Tom at the Farm (2015) Director: Xavier Dolan

Xavier Dolan’s film, Tom at the Farm, like Michel Marc Bouchard’s play, depends largely on its setting of Québec’s rural panorama. The film starts by taking its audience out of the city and into the country, as we follow – quite literally – Tom (Dolan) into the farm via an aerial shot of his car.

This opening scene of the Saint-Blaise-sur-Richelieu is 25 miles (40 kilometers) south of Montreal, Tom’s place of residence and employment. This lengthy drive immediately emphasizes the distance of the farm from the outside world.

The difference, however, between film and play is how individual spaces are represented; rather than restricting the space like the source material, which consists only of a kitchen, a barn, and a bedroom, Dolan opens his film up. In the press book, he states a desire for removing Tom from the farm a handful of times. These include scenes at the funeral, his visit to the doctor, and a trip to a bar. In these instances, we see Tom interacting with characters other than Francis (Pierre-Yves Cardinal) and his mother Agathe (Lise Roy); more importantly, we see him continuously coming back to the farm, further suggesting his consenting captivity.

In Dolan’s first three feature films, his characters’ sexuality always played a key focal point of the narrative. In I Killed My Mother, he plays the role of a conflicted homosexual teenager; inHeartbeats, he plays one-third of a love dual who becomes infatuated with the same man; inLaurence Anyways (which does not feature the writer-director in an acting capacity), his focus shifted onto a larger scale, focusing on the epic love story of a man who decides he wants to live the rest of his life as a woman. Tom at the Farm, which is a change of direction for the filmmaker in terms of both style and content, is more subtle in its exploration of such themes. The character of Tom isn’t explicitly stated as a homosexual; even his reason for attending Guillaume’s funeral is slowly unraveled.

Tom At The Farm (2015)

Tom at the Farm is a film that deals with oppression and deception. Francis, on the surface, comes off as Guillaume’s homophobic, domineering brother who wishes to run Tom out of their home. Dolan, however, has said that they are both “wounded” individuals. Francis has known nothing his whole life, save for their family farm, and, since becoming head of the household after the death of his father, has been burdened with the responsibility of looking after his family. Francis, in essence, has been and always will be alone. Tom experiences a different kind of loneliness: the sort that derives from living in the city.

This film carefully examines the relationship between Tom and Francis, with each finding something in one another. Tom remarks that Francis reminds him of his lover, citing similarities in their voices, whereas Francis — who we learn is more or less sexually deprived — asserts physical dominance over the weaker Tom. This feeling of claustrophobia is amplified with a shift in aspect ratios, which happens twice over the course of the film.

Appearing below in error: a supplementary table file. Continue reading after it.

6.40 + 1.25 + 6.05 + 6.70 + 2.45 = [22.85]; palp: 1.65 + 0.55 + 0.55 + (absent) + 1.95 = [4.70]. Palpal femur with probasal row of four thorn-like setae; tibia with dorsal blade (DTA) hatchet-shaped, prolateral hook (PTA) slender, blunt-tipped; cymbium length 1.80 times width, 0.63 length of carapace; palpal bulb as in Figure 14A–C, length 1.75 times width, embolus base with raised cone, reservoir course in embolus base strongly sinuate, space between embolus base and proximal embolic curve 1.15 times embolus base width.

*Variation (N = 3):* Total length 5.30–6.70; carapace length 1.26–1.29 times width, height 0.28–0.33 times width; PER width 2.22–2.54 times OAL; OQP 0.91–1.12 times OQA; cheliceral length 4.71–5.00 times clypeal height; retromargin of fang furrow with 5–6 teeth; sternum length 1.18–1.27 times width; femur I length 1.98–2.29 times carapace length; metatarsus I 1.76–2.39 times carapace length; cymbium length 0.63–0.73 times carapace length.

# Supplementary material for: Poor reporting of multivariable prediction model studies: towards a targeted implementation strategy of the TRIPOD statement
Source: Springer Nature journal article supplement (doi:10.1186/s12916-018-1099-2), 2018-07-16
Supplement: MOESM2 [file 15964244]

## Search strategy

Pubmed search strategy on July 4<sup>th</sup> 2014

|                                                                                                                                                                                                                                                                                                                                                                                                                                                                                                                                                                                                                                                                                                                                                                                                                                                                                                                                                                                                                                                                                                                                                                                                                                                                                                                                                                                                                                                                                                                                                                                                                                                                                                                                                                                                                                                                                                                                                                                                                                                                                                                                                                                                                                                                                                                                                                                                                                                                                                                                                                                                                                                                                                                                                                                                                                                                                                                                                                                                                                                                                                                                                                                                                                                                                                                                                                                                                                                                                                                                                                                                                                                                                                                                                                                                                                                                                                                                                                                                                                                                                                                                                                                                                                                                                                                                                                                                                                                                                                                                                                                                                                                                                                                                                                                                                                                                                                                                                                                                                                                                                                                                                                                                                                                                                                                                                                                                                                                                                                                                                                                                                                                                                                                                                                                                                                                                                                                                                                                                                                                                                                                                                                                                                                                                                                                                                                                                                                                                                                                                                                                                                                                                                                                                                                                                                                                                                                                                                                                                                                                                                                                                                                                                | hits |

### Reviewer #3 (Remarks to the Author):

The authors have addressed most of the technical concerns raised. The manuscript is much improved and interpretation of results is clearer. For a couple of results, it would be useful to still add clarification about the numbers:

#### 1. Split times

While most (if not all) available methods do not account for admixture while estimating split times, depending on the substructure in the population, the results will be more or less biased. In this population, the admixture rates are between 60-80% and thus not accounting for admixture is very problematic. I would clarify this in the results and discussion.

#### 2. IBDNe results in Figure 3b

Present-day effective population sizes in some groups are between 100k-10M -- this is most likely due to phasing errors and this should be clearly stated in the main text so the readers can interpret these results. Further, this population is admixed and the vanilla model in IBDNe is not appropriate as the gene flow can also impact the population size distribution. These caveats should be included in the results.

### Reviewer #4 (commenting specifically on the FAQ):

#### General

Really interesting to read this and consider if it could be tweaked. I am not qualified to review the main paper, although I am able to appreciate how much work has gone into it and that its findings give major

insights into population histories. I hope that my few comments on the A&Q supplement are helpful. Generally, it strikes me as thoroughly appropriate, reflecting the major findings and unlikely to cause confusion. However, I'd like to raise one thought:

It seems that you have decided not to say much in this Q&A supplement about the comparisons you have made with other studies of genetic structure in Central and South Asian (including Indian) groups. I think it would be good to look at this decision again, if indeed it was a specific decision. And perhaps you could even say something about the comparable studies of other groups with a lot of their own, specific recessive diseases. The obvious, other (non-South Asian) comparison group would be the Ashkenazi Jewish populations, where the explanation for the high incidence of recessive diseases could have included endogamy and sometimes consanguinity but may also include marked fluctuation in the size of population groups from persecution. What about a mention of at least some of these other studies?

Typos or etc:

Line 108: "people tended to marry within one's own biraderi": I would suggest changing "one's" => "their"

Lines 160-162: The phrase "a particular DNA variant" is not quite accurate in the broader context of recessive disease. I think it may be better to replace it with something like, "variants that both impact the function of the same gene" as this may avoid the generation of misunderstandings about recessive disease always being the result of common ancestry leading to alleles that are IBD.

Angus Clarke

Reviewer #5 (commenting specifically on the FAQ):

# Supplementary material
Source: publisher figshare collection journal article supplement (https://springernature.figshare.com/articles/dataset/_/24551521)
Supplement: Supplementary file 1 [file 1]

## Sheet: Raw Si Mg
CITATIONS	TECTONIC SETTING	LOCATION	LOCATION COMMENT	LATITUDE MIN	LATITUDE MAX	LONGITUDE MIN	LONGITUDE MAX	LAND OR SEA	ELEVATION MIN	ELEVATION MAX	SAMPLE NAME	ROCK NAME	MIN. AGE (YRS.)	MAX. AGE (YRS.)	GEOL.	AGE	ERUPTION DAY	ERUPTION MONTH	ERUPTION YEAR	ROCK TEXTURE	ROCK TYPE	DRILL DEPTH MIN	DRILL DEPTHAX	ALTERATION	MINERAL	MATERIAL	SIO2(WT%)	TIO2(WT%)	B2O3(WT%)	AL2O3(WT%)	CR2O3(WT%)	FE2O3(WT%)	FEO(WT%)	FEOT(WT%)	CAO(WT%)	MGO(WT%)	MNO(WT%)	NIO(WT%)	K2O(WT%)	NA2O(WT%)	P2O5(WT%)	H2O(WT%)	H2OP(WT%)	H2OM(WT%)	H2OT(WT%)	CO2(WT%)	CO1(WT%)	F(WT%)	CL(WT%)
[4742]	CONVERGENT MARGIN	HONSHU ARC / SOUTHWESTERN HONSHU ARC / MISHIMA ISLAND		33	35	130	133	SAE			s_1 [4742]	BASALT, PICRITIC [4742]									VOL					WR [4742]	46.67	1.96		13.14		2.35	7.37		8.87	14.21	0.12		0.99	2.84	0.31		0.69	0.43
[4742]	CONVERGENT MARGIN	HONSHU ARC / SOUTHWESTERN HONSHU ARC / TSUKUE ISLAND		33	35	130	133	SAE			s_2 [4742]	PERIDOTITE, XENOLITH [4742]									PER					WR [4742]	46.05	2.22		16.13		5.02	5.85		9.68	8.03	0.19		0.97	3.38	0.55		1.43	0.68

Tom at the Farm borders on the perverse as a clear sexual tension rests between Tom and Francis. In his arrival at the farm, Tom enters an abusive relationship. Francis psychologically manipulates Tom, showing signs of Stockholm Syndrome as he starts sympathizing with his captor. Tom even starts repeating Francis’ words, and later, when Francis chokes him, Tom pushes him for more.

Their sexual dynamic coheres in a beautifully unexpected scene in which Tom and Francis dance together in a barn. In our floor plan, we diagrammed their dance, highlighting three key moments, including its beginning (1), Francis dipping Tom (2), and Francis shutting the music off when his mother walks in (3).

Francis’ advances become more direct over the course of the film. In a scene where Tom wakes up, he finds that Francis has pushed their beds together, suggesting the intimacy he desires. Francis also even states, “I know you like me,” urging Tom not to leave the farm. Francis very clearly sees Tom as a submissive partner — whether Francis had a similar type of relationship with his younger brother is never addressed or revealed.

Tom at the Farm is also a film that is very much concerned with exploring a continuous cycle of abuse. Sarah’s arrival highlights how brainwashed Tom has become. Tom, who desperately wanted to escape the farm earlier in the film, now considers Francis part of his family and even threatens Sarah when she wants to leave. It’s through her character that we see how manipulative Francis has been. It’s not until much later, when Tom hears the brutal story about Francis in the bar, that he finally awakens, which encourages his escape — but not before Sarah becomes Francis’ new victim.

This piece originally appeared on The Film Stage

© 2015 Interiors (Mehruss Jon Ahi and Armen Karaoghlanian)